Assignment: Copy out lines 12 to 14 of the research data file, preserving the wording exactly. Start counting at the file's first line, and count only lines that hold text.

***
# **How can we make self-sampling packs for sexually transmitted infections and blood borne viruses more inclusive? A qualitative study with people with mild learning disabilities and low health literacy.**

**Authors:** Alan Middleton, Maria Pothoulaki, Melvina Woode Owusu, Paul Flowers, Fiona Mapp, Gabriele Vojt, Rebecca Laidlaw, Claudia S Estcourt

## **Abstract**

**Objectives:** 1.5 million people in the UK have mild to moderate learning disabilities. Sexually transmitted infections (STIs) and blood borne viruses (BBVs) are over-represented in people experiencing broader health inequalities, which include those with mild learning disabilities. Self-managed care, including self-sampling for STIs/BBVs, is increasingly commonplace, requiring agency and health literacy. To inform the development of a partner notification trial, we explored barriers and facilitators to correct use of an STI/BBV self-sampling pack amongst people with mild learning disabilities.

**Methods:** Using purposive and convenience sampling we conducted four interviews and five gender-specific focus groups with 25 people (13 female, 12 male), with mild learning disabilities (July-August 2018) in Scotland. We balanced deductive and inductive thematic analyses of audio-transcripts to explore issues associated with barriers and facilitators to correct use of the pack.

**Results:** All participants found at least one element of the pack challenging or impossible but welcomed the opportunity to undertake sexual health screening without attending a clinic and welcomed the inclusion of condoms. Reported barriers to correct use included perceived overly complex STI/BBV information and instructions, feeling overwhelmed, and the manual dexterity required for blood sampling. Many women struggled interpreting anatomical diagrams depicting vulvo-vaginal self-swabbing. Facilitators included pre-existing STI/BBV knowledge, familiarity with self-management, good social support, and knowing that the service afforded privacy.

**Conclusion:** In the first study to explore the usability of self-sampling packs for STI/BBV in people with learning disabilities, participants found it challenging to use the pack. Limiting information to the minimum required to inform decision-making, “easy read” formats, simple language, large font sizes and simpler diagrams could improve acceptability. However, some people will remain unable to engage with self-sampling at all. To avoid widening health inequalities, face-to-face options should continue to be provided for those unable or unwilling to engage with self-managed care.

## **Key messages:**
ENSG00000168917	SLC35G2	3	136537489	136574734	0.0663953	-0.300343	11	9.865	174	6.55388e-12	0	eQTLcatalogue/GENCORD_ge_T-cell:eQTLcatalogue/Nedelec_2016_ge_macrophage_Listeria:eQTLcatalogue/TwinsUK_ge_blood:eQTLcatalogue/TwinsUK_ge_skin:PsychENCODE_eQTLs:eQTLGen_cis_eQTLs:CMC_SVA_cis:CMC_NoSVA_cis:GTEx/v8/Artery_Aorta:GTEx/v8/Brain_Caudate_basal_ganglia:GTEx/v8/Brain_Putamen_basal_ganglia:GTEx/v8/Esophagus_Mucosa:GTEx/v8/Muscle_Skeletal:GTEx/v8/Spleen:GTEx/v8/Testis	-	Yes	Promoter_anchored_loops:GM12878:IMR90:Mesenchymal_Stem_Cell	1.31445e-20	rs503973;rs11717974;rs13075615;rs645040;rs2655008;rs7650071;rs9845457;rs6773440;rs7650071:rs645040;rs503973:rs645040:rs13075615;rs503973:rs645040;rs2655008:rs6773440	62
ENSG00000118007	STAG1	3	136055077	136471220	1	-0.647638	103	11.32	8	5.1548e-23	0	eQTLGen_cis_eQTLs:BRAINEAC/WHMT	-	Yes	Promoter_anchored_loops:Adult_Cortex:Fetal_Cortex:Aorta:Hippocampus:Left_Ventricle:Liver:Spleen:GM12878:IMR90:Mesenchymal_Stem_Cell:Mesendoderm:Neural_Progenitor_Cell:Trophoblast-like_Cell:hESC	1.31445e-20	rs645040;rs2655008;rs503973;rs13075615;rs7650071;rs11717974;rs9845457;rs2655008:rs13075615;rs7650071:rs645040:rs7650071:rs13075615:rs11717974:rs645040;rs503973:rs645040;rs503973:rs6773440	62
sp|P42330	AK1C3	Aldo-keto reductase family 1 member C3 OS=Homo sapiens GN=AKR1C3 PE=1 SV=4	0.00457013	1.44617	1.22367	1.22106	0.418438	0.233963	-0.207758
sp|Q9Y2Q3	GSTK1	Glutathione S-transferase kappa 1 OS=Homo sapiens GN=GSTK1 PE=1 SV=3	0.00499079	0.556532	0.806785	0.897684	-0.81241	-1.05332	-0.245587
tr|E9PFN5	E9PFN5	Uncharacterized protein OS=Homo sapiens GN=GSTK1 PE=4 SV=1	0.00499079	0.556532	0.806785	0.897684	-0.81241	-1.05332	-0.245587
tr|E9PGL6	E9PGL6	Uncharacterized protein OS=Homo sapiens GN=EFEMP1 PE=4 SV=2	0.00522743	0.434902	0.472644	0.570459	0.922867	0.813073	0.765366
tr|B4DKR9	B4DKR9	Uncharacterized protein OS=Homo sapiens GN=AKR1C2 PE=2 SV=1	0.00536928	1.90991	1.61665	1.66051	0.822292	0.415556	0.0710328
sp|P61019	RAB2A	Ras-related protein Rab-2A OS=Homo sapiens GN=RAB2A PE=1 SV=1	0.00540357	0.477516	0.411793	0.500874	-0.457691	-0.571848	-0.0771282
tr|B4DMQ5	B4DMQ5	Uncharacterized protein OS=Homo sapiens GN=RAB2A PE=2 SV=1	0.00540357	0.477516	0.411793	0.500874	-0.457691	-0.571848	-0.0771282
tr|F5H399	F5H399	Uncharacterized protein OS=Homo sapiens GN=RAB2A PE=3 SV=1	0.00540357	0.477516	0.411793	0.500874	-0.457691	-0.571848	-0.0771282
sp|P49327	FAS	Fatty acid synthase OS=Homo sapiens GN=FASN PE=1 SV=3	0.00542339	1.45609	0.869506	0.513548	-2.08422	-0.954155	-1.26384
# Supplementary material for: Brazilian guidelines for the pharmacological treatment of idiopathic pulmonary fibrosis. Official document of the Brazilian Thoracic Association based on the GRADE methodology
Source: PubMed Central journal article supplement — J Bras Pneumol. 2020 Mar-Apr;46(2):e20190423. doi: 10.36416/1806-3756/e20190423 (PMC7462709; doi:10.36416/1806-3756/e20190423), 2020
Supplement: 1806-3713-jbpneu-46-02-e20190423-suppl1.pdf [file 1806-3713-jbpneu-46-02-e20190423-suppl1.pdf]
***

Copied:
sp|Q9Y2Q3	GSTK1	Glutathione S-transferase kappa 1 OS=Homo sapiens GN=GSTK1 PE=1 SV=3	0.00499079	0.556532	0.806785	0.897684	-0.81241	-1.05332	-0.245587
tr|E9PFN5	E9PFN5	Uncharacterized protein OS=Homo sapiens GN=GSTK1 PE=4 SV=1	0.00499079	0.556532	0.806785	0.897684	-0.81241	-1.05332	-0.245587
tr|E9PGL6	E9PGL6	Uncharacterized protein OS=Homo sapiens GN=EFEMP1 PE=4 SV=2	0.00522743	0.434902	0.472644	0.570459	0.922867	0.813073	0.765366